Actually, no, according to Sky and Telescope. Modern folklore calls the second full moon in a month a "blue moon" but that definition is less that 60 years old. The original definition was the third full moon in a season that had four. This older type of blue moon can only occur in the month before the equinoxes and solstices (February, May, August or November) and usually falls around the 20th day so it could never be the second full moon in a month (which must fall after the 29th).
The sky and telescope article tells specifically how the error occurred, which is a fascinating, but somewhat long and convoluted, story. Here is an excerpt that explains the older definition:
The almanac also follows certain rules laid down as part of the Gregorian calendar reform in 1582. The ecclesiastical vernal (spring) equinox always falls on March 21st, regardless of the position of the Sun. Lent begins on Ash Wednesday, 46 days before Easter, and must contain the Lenten Moon, considered to be the last full Moon of winter. The first full Moon of spring is called the Egg Moon (or Easter Moon, or Paschal Moon) and must fall within the week before Easter.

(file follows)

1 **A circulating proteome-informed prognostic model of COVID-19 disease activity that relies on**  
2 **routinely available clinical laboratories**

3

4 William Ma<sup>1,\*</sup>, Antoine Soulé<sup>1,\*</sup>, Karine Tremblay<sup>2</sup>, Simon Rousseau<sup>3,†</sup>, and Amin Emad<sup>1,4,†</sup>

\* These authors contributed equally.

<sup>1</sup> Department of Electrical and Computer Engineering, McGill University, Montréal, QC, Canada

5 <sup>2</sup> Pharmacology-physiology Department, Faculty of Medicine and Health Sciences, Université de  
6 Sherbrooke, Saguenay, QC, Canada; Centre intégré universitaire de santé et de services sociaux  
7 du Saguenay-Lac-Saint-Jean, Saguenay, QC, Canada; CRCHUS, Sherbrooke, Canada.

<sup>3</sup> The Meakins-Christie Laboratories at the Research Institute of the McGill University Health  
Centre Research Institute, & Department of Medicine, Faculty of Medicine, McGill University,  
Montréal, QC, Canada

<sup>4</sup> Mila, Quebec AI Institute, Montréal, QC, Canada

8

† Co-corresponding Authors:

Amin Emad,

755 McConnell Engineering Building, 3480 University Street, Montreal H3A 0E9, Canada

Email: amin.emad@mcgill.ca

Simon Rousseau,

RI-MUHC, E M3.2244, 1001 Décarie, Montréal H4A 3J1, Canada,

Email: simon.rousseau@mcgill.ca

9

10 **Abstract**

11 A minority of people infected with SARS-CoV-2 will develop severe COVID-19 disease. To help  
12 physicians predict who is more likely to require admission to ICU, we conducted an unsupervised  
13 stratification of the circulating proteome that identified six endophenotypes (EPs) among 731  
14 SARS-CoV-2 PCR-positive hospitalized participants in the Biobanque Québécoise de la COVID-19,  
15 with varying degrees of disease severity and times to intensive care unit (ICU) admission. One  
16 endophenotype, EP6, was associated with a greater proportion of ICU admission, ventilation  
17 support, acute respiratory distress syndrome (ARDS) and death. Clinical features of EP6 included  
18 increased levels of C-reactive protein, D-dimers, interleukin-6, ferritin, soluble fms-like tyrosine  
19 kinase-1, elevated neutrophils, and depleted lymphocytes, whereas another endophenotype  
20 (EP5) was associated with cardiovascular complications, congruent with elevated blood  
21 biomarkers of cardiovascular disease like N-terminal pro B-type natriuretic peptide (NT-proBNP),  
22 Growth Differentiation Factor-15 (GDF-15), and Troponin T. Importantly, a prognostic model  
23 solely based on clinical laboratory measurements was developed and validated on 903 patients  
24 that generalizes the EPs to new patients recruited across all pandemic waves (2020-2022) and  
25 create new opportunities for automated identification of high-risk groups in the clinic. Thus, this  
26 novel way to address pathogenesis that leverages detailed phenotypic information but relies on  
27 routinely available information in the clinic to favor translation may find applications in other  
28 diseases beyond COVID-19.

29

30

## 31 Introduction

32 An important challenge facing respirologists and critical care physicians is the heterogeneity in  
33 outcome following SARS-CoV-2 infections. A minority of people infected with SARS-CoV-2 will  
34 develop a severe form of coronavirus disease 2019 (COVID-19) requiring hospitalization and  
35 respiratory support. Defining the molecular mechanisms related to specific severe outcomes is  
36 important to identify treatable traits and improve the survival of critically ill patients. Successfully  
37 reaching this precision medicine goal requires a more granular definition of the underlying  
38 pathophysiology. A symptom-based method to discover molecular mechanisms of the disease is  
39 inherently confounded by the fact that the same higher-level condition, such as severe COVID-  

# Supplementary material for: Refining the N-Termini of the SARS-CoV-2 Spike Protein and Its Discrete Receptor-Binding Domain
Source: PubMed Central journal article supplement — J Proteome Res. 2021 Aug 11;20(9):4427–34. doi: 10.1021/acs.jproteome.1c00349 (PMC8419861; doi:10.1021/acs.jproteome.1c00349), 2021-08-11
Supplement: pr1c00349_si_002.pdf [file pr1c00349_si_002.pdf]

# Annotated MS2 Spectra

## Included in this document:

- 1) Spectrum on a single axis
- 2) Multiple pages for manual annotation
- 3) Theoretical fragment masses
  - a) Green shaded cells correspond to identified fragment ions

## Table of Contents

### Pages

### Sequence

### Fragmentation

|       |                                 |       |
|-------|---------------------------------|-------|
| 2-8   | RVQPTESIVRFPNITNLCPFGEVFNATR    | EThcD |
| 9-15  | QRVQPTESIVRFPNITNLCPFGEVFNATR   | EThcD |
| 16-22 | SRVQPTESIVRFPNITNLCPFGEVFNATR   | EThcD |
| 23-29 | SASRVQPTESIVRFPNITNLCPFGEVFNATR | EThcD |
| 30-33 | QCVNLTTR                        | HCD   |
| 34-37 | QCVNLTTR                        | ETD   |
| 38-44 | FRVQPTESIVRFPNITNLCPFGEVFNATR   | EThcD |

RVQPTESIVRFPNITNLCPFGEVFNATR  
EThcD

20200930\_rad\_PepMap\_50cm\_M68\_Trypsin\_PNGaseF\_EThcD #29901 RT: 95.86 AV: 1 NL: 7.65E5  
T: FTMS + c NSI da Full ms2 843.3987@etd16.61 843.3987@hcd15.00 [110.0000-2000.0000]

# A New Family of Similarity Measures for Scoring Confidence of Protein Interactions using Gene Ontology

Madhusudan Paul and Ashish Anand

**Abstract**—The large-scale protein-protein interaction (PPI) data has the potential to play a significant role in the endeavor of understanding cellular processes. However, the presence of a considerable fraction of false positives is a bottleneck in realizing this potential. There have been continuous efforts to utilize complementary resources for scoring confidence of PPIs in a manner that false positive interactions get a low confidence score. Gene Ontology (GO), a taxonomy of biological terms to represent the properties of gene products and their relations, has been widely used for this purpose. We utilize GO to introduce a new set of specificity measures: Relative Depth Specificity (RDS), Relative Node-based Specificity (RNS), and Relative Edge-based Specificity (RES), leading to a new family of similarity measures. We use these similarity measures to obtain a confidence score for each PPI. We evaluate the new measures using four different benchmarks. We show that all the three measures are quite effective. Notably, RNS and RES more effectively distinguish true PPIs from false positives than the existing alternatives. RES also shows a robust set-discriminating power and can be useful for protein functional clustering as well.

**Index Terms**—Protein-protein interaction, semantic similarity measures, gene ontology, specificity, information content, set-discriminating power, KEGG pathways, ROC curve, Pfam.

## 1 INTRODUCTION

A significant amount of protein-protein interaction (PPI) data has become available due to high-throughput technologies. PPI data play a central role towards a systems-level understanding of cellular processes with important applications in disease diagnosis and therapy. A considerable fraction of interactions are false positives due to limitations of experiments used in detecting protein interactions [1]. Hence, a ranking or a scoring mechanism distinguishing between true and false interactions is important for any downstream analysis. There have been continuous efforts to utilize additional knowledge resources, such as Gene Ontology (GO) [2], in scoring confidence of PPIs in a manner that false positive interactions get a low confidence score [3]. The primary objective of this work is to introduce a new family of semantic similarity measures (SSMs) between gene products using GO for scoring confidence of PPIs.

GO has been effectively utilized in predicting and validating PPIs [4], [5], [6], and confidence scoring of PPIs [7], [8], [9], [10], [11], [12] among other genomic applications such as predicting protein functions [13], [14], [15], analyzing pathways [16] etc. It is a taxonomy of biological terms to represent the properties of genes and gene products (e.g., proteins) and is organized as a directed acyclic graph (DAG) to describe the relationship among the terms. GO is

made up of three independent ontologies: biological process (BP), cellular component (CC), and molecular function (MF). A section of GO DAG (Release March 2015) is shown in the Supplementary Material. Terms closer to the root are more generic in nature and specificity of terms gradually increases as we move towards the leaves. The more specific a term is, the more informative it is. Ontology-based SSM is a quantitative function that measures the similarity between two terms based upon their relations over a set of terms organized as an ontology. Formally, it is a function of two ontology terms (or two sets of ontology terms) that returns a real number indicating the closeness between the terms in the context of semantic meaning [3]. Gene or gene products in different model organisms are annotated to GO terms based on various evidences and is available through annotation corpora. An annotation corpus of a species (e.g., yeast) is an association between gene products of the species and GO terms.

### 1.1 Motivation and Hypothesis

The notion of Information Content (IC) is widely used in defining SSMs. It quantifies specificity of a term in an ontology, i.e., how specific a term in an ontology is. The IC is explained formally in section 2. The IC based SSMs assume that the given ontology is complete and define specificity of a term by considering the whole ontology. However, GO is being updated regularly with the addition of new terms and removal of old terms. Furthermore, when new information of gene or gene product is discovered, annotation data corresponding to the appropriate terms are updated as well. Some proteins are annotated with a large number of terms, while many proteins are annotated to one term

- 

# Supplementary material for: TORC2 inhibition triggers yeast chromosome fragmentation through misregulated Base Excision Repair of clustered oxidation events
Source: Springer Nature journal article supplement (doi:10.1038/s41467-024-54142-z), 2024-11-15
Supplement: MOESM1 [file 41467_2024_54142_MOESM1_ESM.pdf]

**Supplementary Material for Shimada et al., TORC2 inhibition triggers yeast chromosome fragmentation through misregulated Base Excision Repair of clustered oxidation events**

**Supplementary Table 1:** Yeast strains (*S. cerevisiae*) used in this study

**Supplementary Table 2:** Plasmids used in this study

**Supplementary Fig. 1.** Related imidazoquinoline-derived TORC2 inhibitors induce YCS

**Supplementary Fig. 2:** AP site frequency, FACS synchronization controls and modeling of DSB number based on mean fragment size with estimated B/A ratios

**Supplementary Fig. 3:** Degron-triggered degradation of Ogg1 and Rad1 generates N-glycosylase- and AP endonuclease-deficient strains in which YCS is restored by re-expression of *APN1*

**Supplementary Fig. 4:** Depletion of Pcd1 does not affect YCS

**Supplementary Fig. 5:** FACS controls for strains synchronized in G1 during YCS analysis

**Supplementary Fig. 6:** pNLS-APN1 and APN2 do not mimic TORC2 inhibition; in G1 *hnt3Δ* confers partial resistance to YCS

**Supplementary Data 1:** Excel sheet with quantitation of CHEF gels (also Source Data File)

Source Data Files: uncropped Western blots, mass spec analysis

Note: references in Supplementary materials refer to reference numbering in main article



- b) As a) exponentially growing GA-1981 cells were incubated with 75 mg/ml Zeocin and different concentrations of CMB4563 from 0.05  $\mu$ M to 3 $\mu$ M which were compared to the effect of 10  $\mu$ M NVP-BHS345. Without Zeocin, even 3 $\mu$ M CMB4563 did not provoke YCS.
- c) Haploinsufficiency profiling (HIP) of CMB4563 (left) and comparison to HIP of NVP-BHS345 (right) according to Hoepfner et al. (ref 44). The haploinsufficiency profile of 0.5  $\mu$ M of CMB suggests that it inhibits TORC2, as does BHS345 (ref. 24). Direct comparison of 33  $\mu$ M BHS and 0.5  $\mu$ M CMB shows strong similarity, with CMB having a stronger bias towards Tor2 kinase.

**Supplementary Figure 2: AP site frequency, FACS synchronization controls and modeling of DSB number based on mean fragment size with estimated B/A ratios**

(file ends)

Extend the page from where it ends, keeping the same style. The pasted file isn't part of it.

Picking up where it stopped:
[...] Seasonal Moon names are assigned near the spring equinox in accordance with the ecclesiastical rules for determining the dates of Easter and Lent. [...] When a season contains four full Moons, the third is called a Blue Moon.
Why is the third full Moon identified as the extra one in a season with four? Because only then will the names of the other full Moons, such as the Moon Before Yule and the Moon After Yule, fall at the proper times relative to the solstices and equinoxes.
So the blue moon was added in years that had an extra full moon, in order to keep the calendar straight for religious purposes. Since people have largely stopped caring about such things, it is hardly surprising that the newer definition, which is, after all, easier to remember, has become so popular.